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Challenge yourself on this seminar-style advanced community service program. Learn about Cambodia’s recent history and how it effects contemporary Cambodia. Understand current issues in the country by visiting local nonprofits and international development organizations in Phnom Penh. You’ll explore various initiatives and approaches to development, focusing on the themes of youth empowerment and education. After spending time learning and completing workshops, you’ll apply your knowledge in the field. Stay in a rural village and complete a meaningful community service project with your group giving you the chance to learn about education “from the ground up” and see how schools, families, and communities educate their young people.  After the hard work, end your trip with a visit to Angkor Wat and explore the markets of Siem Reap.  Students on this program not only take away the concrete skills and tools related to international development work, but the empathy and critical thinking skills needed to make our world a more compassionate and equitable place.

Components of a Critical Issues Program

  1. Deliberate Focus: Students explore specific global issues as they exist in communities around the world.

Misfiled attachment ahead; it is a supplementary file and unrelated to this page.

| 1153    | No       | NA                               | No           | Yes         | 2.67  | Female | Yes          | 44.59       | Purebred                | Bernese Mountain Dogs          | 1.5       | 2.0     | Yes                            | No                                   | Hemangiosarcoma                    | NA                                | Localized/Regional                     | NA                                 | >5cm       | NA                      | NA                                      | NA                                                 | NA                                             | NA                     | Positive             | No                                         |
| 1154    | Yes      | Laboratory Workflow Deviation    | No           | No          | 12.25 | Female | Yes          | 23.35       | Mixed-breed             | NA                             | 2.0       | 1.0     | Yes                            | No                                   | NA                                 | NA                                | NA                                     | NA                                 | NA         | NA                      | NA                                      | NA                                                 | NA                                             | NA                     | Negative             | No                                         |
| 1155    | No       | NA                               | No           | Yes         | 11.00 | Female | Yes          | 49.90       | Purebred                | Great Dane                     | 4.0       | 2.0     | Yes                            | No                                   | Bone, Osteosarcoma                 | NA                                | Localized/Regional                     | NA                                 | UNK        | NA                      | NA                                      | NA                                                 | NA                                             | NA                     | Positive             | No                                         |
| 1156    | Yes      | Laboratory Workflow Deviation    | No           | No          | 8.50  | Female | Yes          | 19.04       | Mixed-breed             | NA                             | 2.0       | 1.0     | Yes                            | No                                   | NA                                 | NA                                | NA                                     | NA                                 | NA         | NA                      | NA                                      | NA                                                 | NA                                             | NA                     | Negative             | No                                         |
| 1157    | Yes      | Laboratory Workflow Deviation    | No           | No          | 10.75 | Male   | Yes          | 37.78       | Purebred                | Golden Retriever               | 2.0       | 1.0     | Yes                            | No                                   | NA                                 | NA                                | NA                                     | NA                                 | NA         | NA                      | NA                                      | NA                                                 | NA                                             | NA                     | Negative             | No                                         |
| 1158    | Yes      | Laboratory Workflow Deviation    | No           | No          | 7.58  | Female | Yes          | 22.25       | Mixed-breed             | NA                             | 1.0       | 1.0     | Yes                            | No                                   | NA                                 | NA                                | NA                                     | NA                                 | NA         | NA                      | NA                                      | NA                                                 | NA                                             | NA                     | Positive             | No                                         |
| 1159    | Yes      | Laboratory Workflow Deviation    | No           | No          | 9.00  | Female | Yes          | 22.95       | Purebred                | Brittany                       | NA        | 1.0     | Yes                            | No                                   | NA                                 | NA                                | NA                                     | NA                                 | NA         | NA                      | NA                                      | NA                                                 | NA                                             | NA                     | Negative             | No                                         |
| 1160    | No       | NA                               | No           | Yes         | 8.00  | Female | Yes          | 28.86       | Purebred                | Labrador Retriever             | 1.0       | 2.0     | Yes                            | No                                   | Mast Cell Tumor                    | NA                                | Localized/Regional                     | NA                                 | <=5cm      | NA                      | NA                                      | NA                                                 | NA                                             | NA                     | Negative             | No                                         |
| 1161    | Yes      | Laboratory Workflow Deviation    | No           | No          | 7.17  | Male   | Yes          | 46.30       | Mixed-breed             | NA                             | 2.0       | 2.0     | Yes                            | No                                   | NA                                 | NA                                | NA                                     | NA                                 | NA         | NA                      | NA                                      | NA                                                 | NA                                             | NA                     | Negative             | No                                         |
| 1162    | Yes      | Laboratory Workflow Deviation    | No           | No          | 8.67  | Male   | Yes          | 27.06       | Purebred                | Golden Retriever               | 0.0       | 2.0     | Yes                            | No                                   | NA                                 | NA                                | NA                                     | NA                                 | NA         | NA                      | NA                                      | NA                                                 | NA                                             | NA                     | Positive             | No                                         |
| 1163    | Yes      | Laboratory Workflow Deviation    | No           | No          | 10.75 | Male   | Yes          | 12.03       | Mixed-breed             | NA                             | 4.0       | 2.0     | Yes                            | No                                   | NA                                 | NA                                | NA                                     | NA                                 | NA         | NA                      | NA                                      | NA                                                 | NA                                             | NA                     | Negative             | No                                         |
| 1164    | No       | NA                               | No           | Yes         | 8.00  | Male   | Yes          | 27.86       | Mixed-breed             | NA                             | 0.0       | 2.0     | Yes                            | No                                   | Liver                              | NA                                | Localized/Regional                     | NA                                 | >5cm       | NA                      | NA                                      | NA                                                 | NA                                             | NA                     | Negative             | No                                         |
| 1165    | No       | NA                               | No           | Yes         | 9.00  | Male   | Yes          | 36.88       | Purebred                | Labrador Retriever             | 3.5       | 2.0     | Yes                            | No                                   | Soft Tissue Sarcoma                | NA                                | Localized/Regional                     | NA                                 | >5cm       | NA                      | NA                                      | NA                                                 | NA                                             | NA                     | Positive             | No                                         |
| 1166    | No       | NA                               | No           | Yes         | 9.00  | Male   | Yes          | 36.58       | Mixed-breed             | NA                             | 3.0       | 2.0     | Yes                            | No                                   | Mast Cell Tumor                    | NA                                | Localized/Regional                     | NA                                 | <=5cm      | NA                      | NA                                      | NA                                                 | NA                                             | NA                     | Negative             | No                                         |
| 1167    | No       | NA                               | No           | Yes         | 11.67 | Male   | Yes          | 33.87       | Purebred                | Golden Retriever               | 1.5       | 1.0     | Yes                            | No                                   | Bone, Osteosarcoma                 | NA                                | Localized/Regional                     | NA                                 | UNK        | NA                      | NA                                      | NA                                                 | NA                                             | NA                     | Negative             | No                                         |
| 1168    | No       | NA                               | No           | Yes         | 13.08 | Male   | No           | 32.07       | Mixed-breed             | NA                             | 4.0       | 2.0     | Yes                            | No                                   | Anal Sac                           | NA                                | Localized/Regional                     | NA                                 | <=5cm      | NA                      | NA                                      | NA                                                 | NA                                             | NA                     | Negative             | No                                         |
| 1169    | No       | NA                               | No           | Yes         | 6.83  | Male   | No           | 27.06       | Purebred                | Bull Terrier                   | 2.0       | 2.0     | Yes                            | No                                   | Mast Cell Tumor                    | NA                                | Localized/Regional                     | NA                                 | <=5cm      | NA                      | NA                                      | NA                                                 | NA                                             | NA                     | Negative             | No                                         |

2. Pre-Travel Engagement: Prior to their arrival in the program’s base country, students build an understanding of the issue their program focuses on through readings, film screenings, and various learning opportunities.
  3. Program Content and Discussion: Students progress through a curriculum comprised of activities, discussions, and debriefs designed to expand their understanding and exploration of key topics.
  4. Program Staff: Program Leaders on Critical Issues programs have intimate local knowledge and an academic or professional background in the focus area.

Program Profile

Country
Cambodia
Community Service Component
Advanced
Community Service Focus
Education, Infrastructure
Get to Know
The People
Lifestyle
Live Like a Local
Travel Component
Moderate Travel Involved

2017 Departures

Departs (USA) Returns (USA) Availability
July 4 July 21 Available

Connecting Programs

Schedule two or more programs in a row to create your ideal Rustic Pathways experience.

This program connects especially well with: